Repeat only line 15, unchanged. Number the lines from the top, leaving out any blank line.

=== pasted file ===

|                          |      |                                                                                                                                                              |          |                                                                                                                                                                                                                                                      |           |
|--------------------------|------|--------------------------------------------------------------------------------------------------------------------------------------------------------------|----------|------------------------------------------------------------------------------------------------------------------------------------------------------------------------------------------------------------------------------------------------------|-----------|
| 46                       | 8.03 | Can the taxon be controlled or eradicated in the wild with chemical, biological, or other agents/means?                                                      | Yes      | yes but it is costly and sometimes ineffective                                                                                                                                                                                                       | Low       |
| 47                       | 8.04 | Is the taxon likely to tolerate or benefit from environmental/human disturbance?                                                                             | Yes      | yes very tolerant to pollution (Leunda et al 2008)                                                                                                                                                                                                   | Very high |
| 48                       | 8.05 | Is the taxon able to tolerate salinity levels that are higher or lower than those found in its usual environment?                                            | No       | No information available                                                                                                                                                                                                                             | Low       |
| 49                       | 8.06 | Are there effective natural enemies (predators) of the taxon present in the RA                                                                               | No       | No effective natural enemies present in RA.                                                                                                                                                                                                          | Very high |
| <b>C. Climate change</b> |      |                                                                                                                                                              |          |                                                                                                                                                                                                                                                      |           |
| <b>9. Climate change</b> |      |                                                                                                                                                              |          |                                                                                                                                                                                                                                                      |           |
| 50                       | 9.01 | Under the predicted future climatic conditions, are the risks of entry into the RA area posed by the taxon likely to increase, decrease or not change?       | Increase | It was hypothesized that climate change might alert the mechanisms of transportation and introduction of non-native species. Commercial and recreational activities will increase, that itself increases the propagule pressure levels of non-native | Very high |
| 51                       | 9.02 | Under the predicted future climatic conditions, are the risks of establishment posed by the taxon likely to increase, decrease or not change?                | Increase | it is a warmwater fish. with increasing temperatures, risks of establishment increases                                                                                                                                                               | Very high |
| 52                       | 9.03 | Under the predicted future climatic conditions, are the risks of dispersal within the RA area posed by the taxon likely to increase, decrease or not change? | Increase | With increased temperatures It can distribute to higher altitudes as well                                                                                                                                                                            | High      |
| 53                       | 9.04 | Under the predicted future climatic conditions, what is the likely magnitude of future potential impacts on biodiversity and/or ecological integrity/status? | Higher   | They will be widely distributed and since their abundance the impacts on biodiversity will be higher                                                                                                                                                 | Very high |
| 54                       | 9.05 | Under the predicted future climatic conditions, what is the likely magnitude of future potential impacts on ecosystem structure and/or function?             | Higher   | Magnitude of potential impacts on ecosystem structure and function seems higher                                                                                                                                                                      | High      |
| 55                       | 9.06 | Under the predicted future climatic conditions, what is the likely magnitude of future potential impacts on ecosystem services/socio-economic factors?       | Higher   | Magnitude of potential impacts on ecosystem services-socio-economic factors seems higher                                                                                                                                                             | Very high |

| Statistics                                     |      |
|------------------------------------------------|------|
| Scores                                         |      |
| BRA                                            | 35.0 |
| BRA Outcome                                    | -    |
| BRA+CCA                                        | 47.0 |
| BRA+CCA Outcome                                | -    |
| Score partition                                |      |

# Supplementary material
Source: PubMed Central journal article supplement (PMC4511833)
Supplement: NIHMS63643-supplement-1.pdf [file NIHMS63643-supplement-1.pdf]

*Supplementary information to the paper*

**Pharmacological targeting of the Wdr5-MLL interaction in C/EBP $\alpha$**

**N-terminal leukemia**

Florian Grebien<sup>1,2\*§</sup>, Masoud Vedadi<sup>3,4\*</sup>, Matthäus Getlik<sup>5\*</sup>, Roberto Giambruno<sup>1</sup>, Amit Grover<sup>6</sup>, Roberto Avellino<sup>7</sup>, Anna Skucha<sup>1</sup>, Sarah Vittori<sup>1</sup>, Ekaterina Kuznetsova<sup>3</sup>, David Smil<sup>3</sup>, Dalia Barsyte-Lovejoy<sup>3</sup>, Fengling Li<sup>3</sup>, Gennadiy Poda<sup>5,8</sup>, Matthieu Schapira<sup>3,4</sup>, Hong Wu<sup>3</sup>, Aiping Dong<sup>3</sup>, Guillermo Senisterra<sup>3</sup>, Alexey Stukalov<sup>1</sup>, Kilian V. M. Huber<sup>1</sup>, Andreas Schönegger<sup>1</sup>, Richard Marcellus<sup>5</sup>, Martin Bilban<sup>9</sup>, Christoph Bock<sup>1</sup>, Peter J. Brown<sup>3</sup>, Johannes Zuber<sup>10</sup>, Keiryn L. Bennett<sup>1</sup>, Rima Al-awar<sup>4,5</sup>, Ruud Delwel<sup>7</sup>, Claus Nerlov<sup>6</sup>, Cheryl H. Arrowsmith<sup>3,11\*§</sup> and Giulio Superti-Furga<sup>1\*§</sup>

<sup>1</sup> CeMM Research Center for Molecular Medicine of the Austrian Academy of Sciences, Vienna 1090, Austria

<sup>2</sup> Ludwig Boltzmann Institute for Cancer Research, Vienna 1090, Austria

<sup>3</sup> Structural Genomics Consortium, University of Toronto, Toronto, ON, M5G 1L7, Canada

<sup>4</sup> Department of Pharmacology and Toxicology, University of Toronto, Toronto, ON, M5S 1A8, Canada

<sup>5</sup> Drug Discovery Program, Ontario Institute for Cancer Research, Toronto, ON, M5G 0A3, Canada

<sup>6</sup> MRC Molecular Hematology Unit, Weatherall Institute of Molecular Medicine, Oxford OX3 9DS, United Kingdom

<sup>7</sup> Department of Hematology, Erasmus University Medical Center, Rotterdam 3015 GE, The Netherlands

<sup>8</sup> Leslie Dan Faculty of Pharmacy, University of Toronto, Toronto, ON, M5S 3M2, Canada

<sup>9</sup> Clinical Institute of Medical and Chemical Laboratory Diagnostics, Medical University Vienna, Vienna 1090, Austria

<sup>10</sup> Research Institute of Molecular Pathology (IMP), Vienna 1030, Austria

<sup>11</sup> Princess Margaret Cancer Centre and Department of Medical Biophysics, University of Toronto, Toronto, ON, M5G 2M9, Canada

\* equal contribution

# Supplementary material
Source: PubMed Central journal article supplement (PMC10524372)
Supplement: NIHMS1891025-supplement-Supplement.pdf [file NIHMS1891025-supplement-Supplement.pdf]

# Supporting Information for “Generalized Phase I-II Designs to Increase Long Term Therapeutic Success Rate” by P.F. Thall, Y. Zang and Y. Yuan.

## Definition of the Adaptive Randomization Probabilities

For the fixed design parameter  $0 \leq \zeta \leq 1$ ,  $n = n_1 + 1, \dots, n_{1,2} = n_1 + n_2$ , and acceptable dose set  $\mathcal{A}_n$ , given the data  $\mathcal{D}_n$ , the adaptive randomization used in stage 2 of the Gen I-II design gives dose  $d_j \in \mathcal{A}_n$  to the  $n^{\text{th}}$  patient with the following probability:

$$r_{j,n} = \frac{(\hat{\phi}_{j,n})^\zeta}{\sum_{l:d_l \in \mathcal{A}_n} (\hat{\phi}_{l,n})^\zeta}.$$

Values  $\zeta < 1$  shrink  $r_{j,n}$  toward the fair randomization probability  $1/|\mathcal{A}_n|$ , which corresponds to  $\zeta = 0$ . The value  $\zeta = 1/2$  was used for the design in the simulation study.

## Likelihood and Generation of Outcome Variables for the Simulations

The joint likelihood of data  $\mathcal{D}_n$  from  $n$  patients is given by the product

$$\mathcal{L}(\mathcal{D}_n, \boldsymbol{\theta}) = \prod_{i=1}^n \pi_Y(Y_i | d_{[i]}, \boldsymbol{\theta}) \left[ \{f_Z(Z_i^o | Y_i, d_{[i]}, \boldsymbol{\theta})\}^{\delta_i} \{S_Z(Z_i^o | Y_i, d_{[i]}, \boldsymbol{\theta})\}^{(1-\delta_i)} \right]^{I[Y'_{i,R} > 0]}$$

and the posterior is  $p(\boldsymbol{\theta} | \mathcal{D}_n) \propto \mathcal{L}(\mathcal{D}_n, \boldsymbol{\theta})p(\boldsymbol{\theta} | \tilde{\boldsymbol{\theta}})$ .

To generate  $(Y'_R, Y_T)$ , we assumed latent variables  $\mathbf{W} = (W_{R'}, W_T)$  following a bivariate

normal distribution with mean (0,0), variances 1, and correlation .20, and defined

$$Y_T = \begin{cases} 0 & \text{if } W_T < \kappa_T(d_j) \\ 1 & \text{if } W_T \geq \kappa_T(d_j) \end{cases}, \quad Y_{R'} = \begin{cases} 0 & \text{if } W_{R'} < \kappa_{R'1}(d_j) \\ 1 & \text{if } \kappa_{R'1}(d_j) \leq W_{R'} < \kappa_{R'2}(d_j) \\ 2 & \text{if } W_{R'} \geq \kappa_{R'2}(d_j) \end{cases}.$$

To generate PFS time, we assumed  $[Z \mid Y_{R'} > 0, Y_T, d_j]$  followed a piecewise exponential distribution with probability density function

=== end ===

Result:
| Statistics                                     |      |